Berkeley Housing Quota Rises Above City's Comfort Level

<p>City officials in Berkeley, California, are voicing concerns about a regional government association's proposed ousing quota for the next seven years, one which calls for a yearly increase of more than 200%.</p>
January 18, 2007, 5am PST | Nate Berg
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"That draft calls for Berkeley to add 2,712 new housing units over the next seven years, compared to the goal of 1,269 ABAG had imposed for 1999-2006."

"'400 units a year over the next seven years is quite a bit,' said Commissioner James Samuels. 'The most we ever had was 150.'"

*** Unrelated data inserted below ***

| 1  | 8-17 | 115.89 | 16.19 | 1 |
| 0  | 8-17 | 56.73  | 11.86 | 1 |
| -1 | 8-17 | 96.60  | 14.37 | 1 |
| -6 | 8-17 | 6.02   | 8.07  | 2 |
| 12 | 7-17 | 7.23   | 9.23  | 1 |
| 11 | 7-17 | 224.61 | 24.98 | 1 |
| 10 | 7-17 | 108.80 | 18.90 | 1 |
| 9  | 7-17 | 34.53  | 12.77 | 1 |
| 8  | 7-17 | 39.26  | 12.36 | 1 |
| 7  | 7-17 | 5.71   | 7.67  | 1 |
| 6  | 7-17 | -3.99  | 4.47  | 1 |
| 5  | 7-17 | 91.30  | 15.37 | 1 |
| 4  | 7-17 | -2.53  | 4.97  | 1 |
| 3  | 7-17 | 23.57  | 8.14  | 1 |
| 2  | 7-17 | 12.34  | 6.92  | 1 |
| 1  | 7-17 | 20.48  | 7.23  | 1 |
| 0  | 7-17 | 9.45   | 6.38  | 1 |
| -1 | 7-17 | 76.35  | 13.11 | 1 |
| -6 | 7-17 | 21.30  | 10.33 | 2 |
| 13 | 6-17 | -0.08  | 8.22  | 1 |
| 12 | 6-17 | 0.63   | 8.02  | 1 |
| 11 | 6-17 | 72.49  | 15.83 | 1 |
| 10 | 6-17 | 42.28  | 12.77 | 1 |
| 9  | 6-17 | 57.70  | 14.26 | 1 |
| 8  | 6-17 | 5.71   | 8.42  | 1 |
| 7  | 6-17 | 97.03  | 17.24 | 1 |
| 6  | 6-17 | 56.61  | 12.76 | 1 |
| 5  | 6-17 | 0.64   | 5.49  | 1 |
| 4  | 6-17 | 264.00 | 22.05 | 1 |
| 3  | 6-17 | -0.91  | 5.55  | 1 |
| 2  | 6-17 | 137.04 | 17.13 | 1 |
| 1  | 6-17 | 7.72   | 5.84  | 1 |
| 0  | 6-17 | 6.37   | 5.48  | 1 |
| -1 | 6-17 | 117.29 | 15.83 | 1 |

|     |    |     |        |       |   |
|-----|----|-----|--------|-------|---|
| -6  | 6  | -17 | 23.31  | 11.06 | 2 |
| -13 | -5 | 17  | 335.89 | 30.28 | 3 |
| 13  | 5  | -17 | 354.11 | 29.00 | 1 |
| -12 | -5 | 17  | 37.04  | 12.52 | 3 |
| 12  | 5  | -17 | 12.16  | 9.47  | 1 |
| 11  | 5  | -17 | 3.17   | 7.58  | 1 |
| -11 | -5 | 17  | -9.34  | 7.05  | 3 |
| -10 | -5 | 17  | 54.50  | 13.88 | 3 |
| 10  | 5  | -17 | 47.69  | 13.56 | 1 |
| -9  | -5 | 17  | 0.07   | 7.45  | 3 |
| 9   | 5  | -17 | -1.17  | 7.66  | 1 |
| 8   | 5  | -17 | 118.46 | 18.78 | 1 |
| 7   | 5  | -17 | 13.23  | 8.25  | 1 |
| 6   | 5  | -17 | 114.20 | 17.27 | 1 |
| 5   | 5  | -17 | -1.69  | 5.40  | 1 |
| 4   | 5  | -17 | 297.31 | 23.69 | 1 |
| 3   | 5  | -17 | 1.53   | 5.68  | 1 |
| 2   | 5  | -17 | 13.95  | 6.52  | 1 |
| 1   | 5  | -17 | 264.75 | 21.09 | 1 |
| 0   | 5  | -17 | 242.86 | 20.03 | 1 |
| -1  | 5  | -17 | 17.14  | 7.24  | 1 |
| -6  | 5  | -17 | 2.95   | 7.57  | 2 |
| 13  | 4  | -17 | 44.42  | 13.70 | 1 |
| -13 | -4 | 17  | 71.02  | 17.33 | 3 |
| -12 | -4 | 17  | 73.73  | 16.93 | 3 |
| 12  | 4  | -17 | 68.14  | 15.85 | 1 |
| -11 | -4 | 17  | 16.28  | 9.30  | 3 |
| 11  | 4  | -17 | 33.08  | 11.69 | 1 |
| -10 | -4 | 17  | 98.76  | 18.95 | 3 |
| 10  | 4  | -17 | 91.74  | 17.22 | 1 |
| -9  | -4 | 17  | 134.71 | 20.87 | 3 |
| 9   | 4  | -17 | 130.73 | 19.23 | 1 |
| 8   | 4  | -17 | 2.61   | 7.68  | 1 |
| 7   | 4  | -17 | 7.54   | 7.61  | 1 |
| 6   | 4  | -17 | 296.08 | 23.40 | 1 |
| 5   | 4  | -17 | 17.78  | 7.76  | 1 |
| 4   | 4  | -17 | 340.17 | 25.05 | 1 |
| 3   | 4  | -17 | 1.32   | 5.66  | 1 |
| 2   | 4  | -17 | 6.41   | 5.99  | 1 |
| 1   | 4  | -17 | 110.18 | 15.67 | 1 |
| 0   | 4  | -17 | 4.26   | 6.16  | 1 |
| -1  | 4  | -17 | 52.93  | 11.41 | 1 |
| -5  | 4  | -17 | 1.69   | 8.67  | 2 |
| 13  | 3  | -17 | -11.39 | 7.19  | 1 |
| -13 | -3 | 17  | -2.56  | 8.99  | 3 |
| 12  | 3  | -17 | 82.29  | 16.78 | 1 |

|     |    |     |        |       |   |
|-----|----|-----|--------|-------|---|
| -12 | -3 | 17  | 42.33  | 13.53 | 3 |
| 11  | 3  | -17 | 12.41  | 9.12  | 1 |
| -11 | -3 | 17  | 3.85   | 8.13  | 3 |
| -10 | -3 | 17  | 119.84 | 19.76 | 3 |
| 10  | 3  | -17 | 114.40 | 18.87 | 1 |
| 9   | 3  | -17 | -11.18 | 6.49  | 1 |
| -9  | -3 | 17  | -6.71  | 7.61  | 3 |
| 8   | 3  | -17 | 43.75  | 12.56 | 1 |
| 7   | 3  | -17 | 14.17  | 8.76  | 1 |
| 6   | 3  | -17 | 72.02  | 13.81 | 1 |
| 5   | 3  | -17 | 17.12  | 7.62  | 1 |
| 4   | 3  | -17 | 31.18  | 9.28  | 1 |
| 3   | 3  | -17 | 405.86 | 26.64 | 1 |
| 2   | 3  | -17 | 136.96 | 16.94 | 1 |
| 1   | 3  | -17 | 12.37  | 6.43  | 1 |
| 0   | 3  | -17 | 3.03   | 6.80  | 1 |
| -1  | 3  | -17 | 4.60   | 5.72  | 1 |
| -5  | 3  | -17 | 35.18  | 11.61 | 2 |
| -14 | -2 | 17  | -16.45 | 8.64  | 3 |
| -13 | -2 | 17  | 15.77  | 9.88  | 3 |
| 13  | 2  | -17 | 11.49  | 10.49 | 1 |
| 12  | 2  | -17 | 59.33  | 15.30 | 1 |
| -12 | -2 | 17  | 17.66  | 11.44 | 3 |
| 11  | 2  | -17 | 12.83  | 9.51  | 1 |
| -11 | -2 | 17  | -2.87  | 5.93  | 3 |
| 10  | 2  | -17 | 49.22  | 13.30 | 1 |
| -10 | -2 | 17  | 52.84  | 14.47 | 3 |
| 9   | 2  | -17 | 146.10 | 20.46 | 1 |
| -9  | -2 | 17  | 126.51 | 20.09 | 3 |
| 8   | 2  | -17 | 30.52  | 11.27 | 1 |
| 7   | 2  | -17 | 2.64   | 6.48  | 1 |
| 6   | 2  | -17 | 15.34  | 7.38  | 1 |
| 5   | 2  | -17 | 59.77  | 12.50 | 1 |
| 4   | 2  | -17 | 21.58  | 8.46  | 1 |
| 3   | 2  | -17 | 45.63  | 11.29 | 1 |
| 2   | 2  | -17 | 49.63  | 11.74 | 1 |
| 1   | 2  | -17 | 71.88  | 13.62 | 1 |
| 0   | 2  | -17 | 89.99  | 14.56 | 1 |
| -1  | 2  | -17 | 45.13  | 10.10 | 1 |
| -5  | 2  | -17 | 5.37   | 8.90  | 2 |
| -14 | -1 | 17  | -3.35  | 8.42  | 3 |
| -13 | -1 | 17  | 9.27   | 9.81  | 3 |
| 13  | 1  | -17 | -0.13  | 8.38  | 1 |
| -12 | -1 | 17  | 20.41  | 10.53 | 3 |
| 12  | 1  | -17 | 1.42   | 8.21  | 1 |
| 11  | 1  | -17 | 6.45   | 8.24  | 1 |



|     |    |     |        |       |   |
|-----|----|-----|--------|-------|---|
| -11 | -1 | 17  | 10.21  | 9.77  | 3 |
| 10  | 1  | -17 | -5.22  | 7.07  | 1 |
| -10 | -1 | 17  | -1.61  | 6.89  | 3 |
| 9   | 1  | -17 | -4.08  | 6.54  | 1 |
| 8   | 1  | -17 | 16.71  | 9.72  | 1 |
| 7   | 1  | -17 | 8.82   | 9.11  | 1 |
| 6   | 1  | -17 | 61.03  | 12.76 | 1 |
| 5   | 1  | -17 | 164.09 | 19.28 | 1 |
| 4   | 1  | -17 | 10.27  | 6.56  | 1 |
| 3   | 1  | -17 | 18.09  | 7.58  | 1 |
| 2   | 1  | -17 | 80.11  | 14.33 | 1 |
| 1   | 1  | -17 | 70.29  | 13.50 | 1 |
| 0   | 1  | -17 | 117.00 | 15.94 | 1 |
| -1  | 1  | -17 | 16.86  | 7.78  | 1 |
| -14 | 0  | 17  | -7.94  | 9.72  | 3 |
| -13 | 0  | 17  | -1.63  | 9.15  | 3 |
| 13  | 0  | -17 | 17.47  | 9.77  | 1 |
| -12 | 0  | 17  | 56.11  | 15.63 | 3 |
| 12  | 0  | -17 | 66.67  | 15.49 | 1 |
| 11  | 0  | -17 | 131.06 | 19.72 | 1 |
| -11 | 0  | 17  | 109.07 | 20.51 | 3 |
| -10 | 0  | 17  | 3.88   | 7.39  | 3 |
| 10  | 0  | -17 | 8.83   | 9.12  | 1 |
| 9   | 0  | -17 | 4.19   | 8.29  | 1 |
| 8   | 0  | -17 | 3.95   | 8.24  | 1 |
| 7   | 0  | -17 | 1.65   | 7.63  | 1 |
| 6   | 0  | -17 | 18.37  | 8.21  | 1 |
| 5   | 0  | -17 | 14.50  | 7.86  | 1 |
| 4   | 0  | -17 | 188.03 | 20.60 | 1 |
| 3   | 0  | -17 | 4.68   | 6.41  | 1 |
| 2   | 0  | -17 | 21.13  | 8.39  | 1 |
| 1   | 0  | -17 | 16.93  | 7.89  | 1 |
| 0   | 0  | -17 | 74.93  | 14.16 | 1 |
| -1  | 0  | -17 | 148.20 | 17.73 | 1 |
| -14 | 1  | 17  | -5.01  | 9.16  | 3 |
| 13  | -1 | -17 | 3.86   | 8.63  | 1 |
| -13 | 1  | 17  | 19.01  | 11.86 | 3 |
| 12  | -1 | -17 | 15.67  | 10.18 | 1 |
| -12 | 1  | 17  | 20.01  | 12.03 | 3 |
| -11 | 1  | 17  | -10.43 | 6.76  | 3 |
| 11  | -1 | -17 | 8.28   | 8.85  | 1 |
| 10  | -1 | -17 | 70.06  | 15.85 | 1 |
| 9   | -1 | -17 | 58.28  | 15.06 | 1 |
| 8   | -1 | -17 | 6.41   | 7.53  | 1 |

"Because of lack of funds, one way to increase the number of units for lower income residents is by approving projects for market-rate tenants, which are required either to include units for rent or sale of lower-income tenants or to pay fees that can be used to provide new or renovated housing elsewhere in the city."

"But while the city has been able to fulfill its market-rate quotas, units for residents who make less than 80 percent of the area's median income haven't kept pace. Neither has housing for so-called moderate-income tenants, those earning between 80 and 120 percent of the median."

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Published on Tuesday, January 16, 2007 in The Berkeley Daily Planet
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